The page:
You may say, “I have never done anything that merits crucifixion.” Not knowingly perhaps. You may not know the damage your childhood insults about the fat kid in class did to his or her fragile psyche later in life. You may not know what further terrible thing happened to the young woman whose black eye and bruises you chose to ignore. You may not know how your not contributing to that church disaster fund affected people in that devastated country. You may not know how your indifference to a politician's badly thought-out policies hurt real people. You may not know that the food you eat or the electronics you buy are supporting virtual or actual slavery in the third world country that produces them. We know we are responsible for the evil we do. But are we automatically absolved from the evil done on our behalf or the good we do not do? Isn't that rather too close to the excuse of the low-level Nazis who said, “I was just a small cog in the system?”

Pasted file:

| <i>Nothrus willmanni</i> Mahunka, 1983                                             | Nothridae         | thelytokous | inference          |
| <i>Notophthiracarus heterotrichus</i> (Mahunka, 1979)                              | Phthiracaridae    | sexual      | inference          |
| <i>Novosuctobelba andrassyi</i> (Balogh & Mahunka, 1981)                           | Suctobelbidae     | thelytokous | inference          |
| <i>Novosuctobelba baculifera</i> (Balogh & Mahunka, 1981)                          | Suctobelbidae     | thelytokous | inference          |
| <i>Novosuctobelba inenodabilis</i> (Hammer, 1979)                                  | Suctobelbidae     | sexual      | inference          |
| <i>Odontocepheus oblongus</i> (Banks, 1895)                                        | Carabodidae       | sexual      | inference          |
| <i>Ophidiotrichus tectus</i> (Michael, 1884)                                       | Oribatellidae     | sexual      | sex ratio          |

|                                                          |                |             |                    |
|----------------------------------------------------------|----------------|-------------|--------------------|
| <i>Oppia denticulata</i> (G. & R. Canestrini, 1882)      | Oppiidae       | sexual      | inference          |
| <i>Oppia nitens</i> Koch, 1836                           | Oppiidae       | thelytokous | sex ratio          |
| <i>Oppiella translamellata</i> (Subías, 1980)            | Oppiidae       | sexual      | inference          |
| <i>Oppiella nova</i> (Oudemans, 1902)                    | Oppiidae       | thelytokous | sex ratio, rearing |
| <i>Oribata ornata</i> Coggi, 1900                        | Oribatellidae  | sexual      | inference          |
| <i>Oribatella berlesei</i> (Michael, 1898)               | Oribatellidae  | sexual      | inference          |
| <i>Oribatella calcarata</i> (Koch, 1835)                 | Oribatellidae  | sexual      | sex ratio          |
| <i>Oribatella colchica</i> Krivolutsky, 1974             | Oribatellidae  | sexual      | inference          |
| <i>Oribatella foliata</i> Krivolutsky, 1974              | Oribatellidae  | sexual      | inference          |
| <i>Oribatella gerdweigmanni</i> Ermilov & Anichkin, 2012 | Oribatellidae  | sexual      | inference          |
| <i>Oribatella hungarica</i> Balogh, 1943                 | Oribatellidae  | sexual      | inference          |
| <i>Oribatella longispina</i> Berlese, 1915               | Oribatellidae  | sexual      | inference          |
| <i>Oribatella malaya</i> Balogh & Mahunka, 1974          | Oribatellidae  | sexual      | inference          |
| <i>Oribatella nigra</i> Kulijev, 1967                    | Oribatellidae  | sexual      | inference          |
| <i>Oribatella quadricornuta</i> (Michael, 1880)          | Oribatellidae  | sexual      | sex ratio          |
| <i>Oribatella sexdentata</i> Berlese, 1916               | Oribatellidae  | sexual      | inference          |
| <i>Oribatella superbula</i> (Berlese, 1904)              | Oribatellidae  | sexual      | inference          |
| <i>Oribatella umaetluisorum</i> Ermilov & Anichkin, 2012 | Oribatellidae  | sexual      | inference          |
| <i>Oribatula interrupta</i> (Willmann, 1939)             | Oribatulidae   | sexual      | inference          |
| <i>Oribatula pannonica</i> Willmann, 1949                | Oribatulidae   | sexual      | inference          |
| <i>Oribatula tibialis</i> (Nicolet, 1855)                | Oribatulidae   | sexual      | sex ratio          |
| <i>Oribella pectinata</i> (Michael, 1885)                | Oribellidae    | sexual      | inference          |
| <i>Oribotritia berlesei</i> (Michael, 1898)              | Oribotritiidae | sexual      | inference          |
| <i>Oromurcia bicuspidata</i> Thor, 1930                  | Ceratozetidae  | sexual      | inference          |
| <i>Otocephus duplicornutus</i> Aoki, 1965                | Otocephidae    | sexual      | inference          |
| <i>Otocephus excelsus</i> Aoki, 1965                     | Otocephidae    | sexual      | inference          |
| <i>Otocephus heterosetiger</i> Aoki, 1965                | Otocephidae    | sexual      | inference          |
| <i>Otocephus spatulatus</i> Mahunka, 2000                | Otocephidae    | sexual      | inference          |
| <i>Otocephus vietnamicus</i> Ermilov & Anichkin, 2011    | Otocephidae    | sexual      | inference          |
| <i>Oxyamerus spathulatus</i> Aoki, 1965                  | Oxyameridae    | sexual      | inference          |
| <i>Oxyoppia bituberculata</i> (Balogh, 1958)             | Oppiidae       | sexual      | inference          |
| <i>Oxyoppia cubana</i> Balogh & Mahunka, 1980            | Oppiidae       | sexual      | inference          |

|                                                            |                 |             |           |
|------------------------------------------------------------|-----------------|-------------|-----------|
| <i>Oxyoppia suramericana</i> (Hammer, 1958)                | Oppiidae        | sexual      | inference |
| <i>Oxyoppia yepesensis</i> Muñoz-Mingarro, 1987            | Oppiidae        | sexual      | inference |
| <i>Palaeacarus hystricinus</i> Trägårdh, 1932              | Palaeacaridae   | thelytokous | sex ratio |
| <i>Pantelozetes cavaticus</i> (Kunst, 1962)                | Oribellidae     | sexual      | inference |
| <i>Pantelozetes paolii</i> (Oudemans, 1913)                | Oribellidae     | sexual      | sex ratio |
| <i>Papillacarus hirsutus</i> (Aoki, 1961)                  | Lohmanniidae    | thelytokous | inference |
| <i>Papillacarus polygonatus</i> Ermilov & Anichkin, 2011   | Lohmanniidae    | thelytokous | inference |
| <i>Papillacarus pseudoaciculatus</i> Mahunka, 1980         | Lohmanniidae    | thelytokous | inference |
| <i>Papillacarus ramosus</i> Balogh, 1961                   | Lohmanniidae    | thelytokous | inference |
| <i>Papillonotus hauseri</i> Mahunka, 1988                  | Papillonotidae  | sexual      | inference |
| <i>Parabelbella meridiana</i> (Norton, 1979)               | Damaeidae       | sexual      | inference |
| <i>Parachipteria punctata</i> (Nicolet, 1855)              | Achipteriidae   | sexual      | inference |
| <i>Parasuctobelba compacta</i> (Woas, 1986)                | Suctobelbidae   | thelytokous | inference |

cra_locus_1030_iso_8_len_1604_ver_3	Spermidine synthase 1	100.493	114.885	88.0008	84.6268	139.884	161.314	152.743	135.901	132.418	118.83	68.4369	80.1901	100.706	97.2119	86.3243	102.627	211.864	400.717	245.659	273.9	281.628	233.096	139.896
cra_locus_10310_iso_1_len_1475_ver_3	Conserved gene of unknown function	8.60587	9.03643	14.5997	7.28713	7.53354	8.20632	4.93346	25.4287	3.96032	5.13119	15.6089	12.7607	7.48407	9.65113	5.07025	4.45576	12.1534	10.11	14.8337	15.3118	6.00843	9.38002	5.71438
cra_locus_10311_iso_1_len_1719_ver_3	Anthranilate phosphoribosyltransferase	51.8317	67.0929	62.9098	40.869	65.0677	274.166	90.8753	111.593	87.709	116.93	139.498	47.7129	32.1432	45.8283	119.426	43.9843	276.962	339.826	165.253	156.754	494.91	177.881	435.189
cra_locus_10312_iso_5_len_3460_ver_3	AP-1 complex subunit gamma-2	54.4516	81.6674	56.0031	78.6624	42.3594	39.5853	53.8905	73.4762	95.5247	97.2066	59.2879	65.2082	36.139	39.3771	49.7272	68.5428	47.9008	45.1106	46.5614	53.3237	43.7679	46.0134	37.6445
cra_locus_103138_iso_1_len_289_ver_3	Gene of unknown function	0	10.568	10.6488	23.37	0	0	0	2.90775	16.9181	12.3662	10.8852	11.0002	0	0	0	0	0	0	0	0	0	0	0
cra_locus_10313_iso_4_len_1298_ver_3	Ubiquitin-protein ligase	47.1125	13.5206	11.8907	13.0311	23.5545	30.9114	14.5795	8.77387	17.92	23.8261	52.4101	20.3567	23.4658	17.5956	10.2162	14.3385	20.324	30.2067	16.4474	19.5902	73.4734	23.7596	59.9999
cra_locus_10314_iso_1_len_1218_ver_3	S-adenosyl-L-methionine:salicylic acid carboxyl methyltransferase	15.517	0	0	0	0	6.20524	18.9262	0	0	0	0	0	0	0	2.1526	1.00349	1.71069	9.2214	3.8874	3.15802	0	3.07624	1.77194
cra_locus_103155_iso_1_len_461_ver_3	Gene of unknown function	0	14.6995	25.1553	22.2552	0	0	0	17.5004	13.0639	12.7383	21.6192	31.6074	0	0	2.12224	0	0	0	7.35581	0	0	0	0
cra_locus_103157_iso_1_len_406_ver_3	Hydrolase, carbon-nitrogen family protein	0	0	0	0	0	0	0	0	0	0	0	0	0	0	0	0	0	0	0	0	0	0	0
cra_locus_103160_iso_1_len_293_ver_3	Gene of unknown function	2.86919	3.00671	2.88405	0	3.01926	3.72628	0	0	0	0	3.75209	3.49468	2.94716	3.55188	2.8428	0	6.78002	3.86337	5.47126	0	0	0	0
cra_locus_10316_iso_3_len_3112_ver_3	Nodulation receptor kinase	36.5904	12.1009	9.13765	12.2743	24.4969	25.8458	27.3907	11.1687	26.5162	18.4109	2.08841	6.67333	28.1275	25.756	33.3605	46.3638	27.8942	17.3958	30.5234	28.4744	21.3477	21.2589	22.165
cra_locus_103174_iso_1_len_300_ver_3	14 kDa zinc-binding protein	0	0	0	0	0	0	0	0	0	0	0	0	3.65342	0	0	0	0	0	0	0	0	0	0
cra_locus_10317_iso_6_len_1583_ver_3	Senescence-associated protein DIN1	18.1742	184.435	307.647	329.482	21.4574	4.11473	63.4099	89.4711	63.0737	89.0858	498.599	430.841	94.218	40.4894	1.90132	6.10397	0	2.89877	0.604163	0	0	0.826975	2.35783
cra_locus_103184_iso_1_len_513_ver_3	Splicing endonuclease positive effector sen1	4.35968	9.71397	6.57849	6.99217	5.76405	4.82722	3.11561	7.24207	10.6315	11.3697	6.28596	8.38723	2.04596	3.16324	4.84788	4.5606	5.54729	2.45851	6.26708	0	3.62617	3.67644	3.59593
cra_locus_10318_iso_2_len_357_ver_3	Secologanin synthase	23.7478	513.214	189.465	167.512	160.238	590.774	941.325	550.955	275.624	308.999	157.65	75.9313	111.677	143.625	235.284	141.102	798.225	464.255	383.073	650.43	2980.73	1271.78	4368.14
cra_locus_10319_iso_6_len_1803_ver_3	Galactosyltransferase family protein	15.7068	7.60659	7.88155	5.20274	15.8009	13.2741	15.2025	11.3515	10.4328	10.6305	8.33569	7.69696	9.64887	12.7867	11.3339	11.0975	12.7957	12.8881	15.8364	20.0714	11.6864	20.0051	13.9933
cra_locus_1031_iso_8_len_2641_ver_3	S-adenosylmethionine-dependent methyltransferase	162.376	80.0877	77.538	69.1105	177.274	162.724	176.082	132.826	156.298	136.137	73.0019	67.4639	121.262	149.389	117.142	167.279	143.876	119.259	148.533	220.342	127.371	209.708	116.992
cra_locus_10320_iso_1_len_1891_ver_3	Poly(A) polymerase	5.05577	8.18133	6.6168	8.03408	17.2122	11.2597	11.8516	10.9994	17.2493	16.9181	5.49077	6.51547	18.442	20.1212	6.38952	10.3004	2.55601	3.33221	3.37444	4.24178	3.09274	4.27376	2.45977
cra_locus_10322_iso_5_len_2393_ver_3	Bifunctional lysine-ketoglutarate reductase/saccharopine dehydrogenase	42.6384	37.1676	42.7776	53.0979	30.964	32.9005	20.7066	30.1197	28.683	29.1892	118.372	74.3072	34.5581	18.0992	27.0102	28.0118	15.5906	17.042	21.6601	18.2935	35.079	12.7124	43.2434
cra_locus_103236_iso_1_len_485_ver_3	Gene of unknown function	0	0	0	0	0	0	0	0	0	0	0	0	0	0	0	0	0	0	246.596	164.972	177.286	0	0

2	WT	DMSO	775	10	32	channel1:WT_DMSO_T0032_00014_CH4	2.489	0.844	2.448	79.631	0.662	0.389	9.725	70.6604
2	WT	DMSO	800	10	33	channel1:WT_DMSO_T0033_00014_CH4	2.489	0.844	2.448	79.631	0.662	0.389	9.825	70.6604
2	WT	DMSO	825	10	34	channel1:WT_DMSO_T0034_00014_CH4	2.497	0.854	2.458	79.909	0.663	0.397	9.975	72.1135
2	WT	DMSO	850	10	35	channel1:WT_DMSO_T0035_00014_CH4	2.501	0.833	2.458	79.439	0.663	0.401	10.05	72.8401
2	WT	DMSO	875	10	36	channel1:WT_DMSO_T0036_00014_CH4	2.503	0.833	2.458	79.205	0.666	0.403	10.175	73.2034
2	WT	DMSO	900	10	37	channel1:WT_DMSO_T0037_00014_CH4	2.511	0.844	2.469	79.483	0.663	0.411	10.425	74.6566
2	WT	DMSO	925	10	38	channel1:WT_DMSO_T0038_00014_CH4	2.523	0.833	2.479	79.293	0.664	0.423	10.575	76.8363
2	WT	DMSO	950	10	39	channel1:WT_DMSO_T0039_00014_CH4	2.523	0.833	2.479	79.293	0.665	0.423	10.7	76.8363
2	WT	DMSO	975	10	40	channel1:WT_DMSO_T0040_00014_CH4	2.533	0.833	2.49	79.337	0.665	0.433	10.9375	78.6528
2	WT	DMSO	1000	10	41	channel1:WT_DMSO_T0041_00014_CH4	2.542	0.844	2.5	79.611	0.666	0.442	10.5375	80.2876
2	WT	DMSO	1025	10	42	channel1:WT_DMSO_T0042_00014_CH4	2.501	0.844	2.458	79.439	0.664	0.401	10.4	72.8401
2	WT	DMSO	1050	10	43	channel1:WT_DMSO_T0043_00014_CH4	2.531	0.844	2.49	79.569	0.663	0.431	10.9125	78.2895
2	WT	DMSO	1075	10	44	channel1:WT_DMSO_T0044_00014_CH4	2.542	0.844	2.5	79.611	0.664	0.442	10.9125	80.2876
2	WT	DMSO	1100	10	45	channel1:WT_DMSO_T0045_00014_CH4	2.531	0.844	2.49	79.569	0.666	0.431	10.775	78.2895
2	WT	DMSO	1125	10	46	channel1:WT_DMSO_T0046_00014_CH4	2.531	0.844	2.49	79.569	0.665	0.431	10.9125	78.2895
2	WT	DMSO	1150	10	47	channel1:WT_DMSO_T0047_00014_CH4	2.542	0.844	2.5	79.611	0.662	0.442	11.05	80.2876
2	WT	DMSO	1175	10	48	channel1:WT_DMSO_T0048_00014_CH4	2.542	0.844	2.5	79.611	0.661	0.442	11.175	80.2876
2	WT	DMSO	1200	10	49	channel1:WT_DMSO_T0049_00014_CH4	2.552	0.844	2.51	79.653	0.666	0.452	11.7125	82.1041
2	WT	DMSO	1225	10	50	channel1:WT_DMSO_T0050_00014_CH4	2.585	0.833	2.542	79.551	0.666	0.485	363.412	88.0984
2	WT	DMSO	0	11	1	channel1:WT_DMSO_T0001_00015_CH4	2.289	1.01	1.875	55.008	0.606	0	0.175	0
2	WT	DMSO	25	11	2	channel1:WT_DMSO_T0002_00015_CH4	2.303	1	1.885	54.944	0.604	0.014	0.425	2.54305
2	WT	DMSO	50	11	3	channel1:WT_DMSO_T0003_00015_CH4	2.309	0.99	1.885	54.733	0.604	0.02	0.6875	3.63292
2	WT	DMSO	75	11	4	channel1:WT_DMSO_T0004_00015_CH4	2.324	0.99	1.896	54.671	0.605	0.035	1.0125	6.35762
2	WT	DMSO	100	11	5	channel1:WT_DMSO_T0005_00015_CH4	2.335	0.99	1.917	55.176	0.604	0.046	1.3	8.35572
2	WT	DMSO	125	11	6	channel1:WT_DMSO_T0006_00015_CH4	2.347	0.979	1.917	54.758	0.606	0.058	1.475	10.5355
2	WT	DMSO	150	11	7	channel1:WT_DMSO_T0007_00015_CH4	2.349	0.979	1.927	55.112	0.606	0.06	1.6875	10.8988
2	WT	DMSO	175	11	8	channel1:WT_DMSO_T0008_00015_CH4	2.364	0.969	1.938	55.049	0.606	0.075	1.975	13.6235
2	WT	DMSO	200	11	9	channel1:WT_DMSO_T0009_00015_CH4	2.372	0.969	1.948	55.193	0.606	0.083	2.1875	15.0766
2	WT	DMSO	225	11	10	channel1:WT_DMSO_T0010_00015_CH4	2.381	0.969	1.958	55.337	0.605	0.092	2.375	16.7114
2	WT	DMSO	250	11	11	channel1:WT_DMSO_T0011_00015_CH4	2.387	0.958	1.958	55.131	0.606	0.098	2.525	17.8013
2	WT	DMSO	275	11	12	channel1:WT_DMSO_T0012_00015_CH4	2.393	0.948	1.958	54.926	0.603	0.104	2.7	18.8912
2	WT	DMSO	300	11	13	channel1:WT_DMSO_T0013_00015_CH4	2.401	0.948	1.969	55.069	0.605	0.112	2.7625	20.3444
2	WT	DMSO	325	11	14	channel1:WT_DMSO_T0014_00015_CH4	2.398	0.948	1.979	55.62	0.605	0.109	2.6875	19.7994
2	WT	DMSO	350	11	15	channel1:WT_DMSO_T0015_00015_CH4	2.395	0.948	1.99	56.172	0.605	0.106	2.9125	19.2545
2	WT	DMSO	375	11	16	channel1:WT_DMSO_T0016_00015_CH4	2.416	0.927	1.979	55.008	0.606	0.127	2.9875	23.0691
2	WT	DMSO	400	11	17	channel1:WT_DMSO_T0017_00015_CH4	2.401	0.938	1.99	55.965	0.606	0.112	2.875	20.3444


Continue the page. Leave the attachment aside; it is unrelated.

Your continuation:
Small things can have a very big impact. The eating of a monkey in the Congo in the early part of the 20th century led to the AIDS epidemic 60 years later. If a tiny virus can initiate a cascade of biological events that sickens millions, might not the cumulative effects of all the tiny evils we do or decline to stop contribute to the moral disease affecting our world? Didn't we see in 2008 how interdependent the whole world is, so that the financial sins of a few destroyed the jobs and pensions and home-ownership of millions? The human race is one family, all sharing the mitochondrial DNA of one African woman and the Y chromosomes of one African man, both of whom lived more than 100,000 years ago. If we share a common biology, why not a common morality? If our shared physical makeup allows us to pass on physical contagion, why can't our shared spiritual nature allow us to pass on spiritual corruption?